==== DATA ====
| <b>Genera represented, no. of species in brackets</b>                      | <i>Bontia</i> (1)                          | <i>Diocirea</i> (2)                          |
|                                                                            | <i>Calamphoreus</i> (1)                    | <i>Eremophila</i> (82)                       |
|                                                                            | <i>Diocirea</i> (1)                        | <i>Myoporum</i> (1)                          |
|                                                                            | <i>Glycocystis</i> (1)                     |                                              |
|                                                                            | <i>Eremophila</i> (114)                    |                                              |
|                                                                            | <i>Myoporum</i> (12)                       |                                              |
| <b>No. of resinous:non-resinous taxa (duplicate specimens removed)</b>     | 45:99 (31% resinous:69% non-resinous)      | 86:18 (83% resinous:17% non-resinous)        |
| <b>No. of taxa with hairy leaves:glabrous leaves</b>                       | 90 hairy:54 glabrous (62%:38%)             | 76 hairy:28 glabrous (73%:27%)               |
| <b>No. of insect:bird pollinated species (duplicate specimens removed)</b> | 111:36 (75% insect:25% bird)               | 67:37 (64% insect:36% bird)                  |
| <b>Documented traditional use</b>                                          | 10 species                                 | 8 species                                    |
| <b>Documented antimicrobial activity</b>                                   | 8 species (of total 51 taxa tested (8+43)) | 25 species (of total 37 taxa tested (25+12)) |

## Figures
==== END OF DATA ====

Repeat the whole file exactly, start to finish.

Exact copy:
| <b>Genera represented, no. of species in brackets</b>                      | <i>Bontia</i> (1)                          | <i>Diocirea</i> (2)                          |
|                                                                            | <i>Calamphoreus</i> (1)                    | <i>Eremophila</i> (82)                       |
|                                                                            | <i>Diocirea</i> (1)                        | <i>Myoporum</i> (1)                          |
|                                                                            | <i>Glycocystis</i> (1)                     |                                              |
|                                                                            | <i>Eremophila</i> (114)                    |                                              |
|                                                                            | <i>Myoporum</i> (12)                       |                                              |
| <b>No. of resinous:non-resinous taxa (duplicate specimens removed)</b>     | 45:99 (31% resinous:69% non-resinous)      | 86:18 (83% resinous:17% non-resinous)        |
| <b>No. of taxa with hairy leaves:glabrous leaves</b>                       | 90 hairy:54 glabrous (62%:38%)             | 76 hairy:28 glabrous (73%:27%)               |
| <b>No. of insect:bird pollinated species (duplicate specimens removed)</b> | 111:36 (75% insect:25% bird)               | 67:37 (64% insect:36% bird)                  |
| <b>Documented traditional use</b>                                          | 10 species                                 | 8 species                                    |
| <b>Documented antimicrobial activity</b>                                   | 8 species (of total 51 taxa tested (8+43)) | 25 species (of total 37 taxa tested (25+12)) |

## Figures